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SQL Constraints


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SQL Constraints

Constraints are used to limit the type of data that can go into a table. Such constraints can be specified when the table is first created via the CREATE TABLE statement, or after the table is already created via the ALTER TABLE statement. That is we can say that through the constraints we have defines that which type of data accepted by the table column.

Generally there is lots of variety of constraints in which some important constraints are given below:

1.       Not Null constraint

2.       Default constraint

3.       Unique constraint

4.       Check constraint

5.       Primary key constraint

6.       Foreign key constraint

7.       Null  constraint

Not Null Constraints:

Not Null Constraints ensures that a column can’t have   null value. That is Not Null Constraints restrict to column to accept null values. The NOT NULL Constraint enforces a field to always contain a value. This means that you cannot insert a new record, or update a record without adding a value to this field.

Example:

Creating a table name ‘TEST_ Constraints’ which two filed have not null values. Let’s see the following code.

------- Demonstration of NOT NULL CONSTRIANTS

 CREATE TABLE TEST_CONSTRAINTS

 (

      ID INT NOT NULL,        ----// CREATE NOT NULL CONSTRAINTS

      NAME VARCHAR(20) NOT NULL,    ----// CREATE NOT NULL CONSTRAINTS

MOBILENO    VARCHAR(11)

 

 )

----ID AND NAME COLUMN CAN’T HAVE NULL VALUES.

Example: Alter Command for not null constraints

--- SYNTAX DEMONSTRATION OF ALTER COMMAND FOR NOT NULL CONSTRAINT

ALTER TABLE <TABLE_NAME> ALTER COLUMN <COLUMN_NAME>  <COLUMN_DATA_TYPE> NOT NULL

--- DEMONSTRATION OF ALTER COMMAND FOR NOT NULL CONSTRAINT

ALTER TABLE STUDENT ALTER COLUMN ID  INT NOT NULL

Default Constraints:

The DEFAULT constraint is used to insert a default value into a column. The default value will be added to all new records, if no other value is specified. Default constraints provide default value when none is specified.

Example:

------ DEMONSTRATION OF DEFAULT CONSTRAINTS

CREATE TABLE TEST_DEFAULTCONSTRAINTS

(

 ID INT NOT NULL,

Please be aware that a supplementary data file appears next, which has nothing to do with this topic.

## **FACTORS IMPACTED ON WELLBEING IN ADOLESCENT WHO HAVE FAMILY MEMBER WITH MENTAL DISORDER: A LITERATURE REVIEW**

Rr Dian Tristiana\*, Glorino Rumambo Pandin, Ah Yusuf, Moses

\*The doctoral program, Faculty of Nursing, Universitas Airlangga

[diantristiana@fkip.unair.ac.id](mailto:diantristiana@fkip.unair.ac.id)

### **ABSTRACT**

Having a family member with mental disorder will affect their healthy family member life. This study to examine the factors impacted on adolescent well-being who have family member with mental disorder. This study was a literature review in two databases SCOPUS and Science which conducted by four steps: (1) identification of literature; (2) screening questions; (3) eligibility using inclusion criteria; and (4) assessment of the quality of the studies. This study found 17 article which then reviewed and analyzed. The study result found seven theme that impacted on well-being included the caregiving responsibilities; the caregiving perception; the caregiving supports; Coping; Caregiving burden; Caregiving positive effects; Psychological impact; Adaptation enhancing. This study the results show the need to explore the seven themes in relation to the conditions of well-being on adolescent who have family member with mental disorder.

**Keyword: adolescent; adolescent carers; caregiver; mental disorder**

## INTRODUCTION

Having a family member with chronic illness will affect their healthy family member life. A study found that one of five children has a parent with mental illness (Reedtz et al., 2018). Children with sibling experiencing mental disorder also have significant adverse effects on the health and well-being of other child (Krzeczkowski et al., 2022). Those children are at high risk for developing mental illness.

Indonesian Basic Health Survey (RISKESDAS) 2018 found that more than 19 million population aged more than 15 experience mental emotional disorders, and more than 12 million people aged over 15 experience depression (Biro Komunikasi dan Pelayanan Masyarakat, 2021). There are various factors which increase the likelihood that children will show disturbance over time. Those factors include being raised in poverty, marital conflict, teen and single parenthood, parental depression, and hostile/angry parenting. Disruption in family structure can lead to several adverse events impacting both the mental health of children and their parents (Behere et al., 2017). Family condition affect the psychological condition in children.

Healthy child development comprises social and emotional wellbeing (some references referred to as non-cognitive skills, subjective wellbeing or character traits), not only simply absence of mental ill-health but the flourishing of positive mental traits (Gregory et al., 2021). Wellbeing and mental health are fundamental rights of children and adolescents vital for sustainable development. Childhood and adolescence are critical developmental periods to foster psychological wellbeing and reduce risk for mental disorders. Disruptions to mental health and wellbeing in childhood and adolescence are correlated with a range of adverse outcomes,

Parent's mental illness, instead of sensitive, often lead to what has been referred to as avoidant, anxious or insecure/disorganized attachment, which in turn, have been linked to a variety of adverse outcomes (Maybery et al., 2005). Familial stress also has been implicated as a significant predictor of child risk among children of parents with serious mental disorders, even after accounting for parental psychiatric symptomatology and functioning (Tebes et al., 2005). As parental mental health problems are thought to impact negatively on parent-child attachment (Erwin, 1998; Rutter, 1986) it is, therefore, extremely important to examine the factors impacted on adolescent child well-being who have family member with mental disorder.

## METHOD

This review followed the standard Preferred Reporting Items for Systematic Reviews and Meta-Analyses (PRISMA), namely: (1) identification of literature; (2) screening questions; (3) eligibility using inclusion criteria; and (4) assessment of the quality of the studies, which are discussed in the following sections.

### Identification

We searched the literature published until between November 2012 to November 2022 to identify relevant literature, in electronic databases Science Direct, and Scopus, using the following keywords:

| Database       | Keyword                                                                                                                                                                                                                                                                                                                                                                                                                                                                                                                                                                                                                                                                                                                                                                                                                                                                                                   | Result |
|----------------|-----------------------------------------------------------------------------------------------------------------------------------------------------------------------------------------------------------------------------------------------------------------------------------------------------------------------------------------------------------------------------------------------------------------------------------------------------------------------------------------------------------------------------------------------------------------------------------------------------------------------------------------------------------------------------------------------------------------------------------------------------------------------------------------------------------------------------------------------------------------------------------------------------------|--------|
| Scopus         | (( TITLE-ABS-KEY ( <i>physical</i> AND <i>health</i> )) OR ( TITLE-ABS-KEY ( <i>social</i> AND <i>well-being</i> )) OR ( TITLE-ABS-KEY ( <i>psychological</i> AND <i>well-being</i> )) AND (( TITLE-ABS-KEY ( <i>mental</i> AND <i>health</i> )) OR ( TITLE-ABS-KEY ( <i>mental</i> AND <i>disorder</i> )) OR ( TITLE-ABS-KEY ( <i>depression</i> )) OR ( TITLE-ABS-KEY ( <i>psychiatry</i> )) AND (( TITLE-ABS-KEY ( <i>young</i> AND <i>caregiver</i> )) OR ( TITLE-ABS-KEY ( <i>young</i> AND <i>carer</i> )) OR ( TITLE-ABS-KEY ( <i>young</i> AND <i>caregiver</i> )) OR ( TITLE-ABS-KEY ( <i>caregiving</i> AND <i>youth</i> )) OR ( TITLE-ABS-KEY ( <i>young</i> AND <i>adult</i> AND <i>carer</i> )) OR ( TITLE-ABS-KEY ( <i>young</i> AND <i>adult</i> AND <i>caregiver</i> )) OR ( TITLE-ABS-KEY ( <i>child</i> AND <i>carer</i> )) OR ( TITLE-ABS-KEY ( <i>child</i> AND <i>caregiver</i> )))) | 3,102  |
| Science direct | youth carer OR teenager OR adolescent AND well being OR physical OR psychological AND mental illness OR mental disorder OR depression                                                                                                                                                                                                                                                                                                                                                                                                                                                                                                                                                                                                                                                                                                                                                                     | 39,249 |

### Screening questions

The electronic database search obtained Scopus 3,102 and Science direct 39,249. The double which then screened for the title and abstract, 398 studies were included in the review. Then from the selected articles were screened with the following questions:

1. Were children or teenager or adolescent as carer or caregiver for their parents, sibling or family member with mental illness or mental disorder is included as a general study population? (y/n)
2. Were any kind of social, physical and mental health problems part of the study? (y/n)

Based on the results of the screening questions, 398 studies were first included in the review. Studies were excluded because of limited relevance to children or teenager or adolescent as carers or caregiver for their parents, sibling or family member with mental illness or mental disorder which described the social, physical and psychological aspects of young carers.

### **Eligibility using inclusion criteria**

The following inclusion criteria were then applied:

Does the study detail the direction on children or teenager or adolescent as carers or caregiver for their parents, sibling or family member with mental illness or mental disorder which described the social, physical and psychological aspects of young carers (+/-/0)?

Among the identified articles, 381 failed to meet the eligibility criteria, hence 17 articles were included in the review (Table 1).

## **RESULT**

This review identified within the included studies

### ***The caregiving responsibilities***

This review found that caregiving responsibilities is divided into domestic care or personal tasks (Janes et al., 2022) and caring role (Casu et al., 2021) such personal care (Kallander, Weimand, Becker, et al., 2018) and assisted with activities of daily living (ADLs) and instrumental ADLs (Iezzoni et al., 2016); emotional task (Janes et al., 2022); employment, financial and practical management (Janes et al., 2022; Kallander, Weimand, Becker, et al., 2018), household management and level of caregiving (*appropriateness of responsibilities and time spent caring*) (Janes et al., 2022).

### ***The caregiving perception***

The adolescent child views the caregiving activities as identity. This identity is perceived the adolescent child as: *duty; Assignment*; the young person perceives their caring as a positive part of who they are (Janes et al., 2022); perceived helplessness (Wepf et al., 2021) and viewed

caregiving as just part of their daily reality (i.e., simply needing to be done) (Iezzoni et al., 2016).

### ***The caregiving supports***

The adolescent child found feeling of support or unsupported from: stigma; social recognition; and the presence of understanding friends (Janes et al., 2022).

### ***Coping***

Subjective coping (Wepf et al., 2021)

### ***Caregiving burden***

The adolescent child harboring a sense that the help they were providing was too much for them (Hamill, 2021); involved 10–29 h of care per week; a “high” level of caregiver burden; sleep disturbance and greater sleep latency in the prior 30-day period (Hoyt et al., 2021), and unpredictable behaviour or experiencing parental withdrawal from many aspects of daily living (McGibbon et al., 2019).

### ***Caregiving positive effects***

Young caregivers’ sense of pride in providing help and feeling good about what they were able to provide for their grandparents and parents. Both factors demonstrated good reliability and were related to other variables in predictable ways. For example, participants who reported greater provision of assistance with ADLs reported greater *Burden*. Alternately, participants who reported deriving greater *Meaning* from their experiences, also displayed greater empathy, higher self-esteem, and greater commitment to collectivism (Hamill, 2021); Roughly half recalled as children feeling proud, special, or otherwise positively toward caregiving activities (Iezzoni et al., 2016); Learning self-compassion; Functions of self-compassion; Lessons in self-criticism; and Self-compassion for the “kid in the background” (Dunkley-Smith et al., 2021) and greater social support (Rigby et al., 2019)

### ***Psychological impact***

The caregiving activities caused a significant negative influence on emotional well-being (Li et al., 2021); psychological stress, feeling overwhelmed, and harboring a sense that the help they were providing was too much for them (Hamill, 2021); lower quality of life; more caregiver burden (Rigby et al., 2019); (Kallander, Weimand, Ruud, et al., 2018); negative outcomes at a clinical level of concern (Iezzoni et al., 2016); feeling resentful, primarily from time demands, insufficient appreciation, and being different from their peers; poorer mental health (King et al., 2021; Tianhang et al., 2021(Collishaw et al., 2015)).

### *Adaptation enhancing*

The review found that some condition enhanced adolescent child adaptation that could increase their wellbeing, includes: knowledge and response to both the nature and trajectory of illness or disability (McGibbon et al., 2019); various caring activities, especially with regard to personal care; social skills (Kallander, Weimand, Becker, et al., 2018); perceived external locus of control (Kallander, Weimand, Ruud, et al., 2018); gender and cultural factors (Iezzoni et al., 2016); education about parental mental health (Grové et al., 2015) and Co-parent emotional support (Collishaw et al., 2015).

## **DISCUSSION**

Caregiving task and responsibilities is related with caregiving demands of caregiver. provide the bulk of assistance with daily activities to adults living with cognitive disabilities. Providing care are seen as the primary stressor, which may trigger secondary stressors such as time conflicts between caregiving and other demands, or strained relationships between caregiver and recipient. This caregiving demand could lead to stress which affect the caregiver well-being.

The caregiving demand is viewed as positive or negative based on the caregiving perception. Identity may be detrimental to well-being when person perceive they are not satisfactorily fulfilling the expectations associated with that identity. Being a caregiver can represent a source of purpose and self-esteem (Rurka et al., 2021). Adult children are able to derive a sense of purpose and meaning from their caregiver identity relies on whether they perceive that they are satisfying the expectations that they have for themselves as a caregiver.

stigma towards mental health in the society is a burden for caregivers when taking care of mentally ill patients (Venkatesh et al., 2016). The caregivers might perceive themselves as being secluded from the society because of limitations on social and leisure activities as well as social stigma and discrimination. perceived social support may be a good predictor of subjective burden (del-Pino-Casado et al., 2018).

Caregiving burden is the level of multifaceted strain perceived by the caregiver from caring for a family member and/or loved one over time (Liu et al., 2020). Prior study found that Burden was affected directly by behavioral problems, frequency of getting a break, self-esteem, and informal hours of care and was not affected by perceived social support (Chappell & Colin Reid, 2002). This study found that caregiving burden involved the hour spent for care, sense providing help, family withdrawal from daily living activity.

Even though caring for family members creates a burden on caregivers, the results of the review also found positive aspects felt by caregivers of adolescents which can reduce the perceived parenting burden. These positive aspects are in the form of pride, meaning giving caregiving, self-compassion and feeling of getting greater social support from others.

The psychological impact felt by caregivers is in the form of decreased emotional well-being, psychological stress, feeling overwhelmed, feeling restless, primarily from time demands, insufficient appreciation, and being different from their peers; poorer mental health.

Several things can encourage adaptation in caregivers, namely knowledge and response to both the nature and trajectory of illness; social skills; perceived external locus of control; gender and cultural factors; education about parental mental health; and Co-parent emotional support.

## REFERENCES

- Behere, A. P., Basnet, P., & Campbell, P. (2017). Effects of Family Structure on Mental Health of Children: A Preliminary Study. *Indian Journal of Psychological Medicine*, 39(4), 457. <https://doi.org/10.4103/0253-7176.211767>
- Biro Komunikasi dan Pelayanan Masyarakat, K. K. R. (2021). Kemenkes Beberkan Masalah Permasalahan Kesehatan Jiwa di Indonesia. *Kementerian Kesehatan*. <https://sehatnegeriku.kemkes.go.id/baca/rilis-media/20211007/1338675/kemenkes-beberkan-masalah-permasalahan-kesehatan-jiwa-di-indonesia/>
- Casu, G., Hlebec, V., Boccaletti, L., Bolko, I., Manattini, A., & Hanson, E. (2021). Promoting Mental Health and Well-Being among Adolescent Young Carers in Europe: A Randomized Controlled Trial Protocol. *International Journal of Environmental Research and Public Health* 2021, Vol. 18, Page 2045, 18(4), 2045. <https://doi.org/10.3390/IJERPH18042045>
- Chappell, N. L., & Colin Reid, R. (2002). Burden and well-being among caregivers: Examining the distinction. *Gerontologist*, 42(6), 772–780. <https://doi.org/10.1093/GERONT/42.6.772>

NAME VARCHAR(20) NOT NULL,

 MOBILNO VARCHAR(11) DEFAULT '8953690372'  --- DEFAULT CONSTRAINTS VALUE

 

)

Here MOBILNO is default constraints column when no value is specified for this column then default value is inserted in this column.

Example:

--- SYNTAX DEMONSTRATION OF ALTER COMMAND FOR DEFAULT CONSTRAINT

ALTER TABLE <TABLE_NAME> ADD CONSTRAINT <CONSTRAINT_NAME> DEFAULT <DEFAULT_VALUE> FOR <COLUMN_NAME>

--- SYNTAX DEMONSTRATION OF ALTER COMMAND FOR DEFAULT CONSTRAINT

ALTER TABLE STUDENT ADD CONSTRAINT df_name DEFAULT 'arun singh' FOR name

Unique Key Constraints:

Unique Key Constraints guaranteed to uniqueness value in column. Unique key and primary key both are provide the uniqueness of value in a column but they are quite different in some manner, more than one unique   key can be created in table where as only one primary can be created in a table.

Example:

 

------DEMONSTRATION OF UNIQUE KEY CONSTRAINTS

CREATE TABLE TEST_UNIQUECONSTRAINTS

(

  ID INT NOT NULL,

  NAME VARCHAR(20),

  MOBILENO VARCHAR(11),

  UNIQUE(ID)  ----------CREATE UNIQUE KEY ON ID COLUMN

 

)  

Example:

--- SYNTAX DEMONSTRATION OF ALTER COMMAND FOR UNIQUE KEY CONSTRAINT

ALTER TABLE <TABLE_NAME> ADD UNIQUE <[COLUMN_NAME1],[COLUMN_NAME2],...>

--- DEMONSTRATION OF ALTER COMMAND FOR UNIQUE KEY CONSTRAINT

ALTER TABLE STUDENT ADD  UNIQUE (NAME )

Check Constraints:

The CHECK constraint is used to limit the value range that can be placed in a column. If you define a CHECK constraint on a single column it allows only certain values for this column. If you define a CHECK constraint on a table it can limit the values in certain columns based on values in other columns in the row.

Check constraints ensures that all values in column satisfy certain condition. Suppose that we want to enter that person age whose age is greater than 20 then there we have to apply check constraint. Let’s see an example.

Example:

-------- DEMONSTRATION OF CHECK CONSTRAINTS

CREATE TABLE TEST_CHECKCONSTRAINTS

(

   ID INT NOT NULL,

   NAME VARCHAR(20),

   MOBILENO VARCHAR(11),

   AGE INT CHECK (AGE >20 ),  -------- CREATE CHECK CONSTRAINT AGE IS GREATER THAN 20

   CONSTRAINT PK_ID PRIMARY KEY(ID)       ----- CREATE PRIMARY KEY ON ID COLUMN

 

)

Example:

--- SYNTAX DEMONSTRATION OF ALTER COMMAND FOR CHECK CONSTRAINT